These last few weeks the news of the death of three mobsters hit the airwaves. All three men died of natural causes. Though they were all members of the Mafia, their stories not only show the different path mobsters take, but also how much La Cosa Nostra influenced various businesses and areas in the United States.
Let’s start with Michael “Mike the Butcher” Virtuoso. The man who will probably be missed the most. Surely not by the customers of his loansharking operation. Or by former New Jersey Governor Jon Corzine’s limousine driver who was shaken down by the Bonanno gangster.
But he will be missed by the customers of his Graham Ave. Meats & Deli. Where his Willie’s Italian Special was a favorite among food critics and tourists alike. Virtuoso’s place was a popular stop for anyone who liked good Italian food and they will surely miss the man that made the spot possible. The man who gave them a menu that contained “The Godfather” sandwich.
Virtuoso (right) passed away on Tuesday 31 July at age 58 succumbing to pancreatic cancer. The vicious disease earned Virtuoso a compassionate release from the Metropolitan Detention Center by Federal Judge Sandra Townes so he could spend his final days with his family and friends.
The Bonanno made guy had been behind bars after pleading guilty to extortion charges in October of 2011. It turned out he wasn’t just selling sandwiches from his butcher shop in Williamsburg, New York, but also ran his loansharking business from there. When federal agents busted Virtuoso, they found meticulously detailed “Rolodexes” and “address books” that listed contact information for “members and associates of organized crime”.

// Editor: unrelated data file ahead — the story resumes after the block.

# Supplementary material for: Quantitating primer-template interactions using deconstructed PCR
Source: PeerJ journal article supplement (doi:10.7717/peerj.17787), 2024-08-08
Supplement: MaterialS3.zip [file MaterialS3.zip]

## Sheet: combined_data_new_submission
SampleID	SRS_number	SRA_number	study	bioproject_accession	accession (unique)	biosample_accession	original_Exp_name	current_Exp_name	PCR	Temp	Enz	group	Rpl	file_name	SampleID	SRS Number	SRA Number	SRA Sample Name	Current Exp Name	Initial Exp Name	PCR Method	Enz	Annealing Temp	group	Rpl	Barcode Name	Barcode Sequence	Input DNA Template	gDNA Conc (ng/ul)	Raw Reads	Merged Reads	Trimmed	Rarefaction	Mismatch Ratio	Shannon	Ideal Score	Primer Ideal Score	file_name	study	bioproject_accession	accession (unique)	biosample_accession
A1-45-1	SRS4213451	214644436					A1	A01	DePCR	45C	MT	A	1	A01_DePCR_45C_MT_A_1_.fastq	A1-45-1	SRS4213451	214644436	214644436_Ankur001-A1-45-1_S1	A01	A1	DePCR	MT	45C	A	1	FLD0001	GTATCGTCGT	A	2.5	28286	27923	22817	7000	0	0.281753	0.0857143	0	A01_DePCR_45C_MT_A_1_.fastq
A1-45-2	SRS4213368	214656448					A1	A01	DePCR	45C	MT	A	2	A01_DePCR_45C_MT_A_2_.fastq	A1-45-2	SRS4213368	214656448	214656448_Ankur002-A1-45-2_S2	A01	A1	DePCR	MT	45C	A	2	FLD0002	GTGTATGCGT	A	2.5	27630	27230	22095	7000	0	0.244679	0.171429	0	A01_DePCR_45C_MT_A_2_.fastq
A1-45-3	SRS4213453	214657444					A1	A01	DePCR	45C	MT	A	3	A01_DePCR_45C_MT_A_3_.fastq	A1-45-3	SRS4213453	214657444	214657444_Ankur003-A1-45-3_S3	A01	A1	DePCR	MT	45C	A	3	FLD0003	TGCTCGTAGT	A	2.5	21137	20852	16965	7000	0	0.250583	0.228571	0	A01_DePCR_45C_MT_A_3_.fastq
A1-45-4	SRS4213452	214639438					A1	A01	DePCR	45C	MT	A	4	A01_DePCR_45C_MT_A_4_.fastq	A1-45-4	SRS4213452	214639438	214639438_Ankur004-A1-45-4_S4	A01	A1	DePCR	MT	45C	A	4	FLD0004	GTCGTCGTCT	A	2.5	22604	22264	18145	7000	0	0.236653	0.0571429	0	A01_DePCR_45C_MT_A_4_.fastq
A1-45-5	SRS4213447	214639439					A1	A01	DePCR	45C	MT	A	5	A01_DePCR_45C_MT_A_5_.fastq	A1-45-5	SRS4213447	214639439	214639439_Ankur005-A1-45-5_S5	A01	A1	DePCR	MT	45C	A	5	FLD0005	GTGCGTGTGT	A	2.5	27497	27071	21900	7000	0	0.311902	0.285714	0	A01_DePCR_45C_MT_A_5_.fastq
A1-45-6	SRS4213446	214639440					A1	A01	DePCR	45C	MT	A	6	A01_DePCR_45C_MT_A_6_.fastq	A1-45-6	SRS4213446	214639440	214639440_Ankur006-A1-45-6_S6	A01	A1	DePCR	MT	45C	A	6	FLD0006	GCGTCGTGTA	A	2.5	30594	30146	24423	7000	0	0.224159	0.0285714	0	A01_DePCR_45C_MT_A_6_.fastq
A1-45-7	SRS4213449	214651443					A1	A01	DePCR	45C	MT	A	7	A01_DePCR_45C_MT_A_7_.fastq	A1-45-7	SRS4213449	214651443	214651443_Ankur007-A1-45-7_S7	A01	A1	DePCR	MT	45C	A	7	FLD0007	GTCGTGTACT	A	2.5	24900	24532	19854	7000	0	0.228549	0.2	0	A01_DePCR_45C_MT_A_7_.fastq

Mike the Butcher could have left behind a legacy untainted by crime. His Meats & Deli was loved by people in the neighborhood and people outside it. Apparently Virtuoso didn’t much care about that. In the movie “A Bronx Tale” the question is asked: “Is it better to be loved or feared?” Michael Virtuoso might’ve found out the answer to that one as he looked back on his life.
A man who was definitely feared was Colombo captain Joseph Carna. With a mob career that spanned three decades, Carna was involved in gambling, extortion, and murder. Nicknamed “Junior Lollipops” because his father owned an eatery called “Lolly's” Carna quickly showed he didn’t have any problems getting his hands very dirty.
In 1982, when the Colombo family had a dispute with Joseph Peraino Sr. and his son Joseph Jr. about the profits of the porn movie Deep Throat, which had been produced with mob investments, a hit team was dispatched to the home of Peraino Sr. Turncoats and the FBI have pointed out several Colombo mobsters as being involved in the hit. Colombo boss Thomas Gioeli allegedly confessed he participated. And Carna was involved as well, authorities allege.
The hit turned into a bloody mess, leaving Peraino Sr. paralyzed, his son dead, and an innocent dead also as bullets were fired indiscriminately. But the innocent wasn’t just an innocent bystander. She was a former nun. And it made Thomas Gioeli tell his friends that he was going to hell for what he did that day. Whether or not Carna was there, has never been proven, but prosecutors allege he was. True or not, Carna was not a man to be taken lightly. Capable of killing, loyal, and smart with numbers as he laundered the illegal cash the Colombo mob brought in.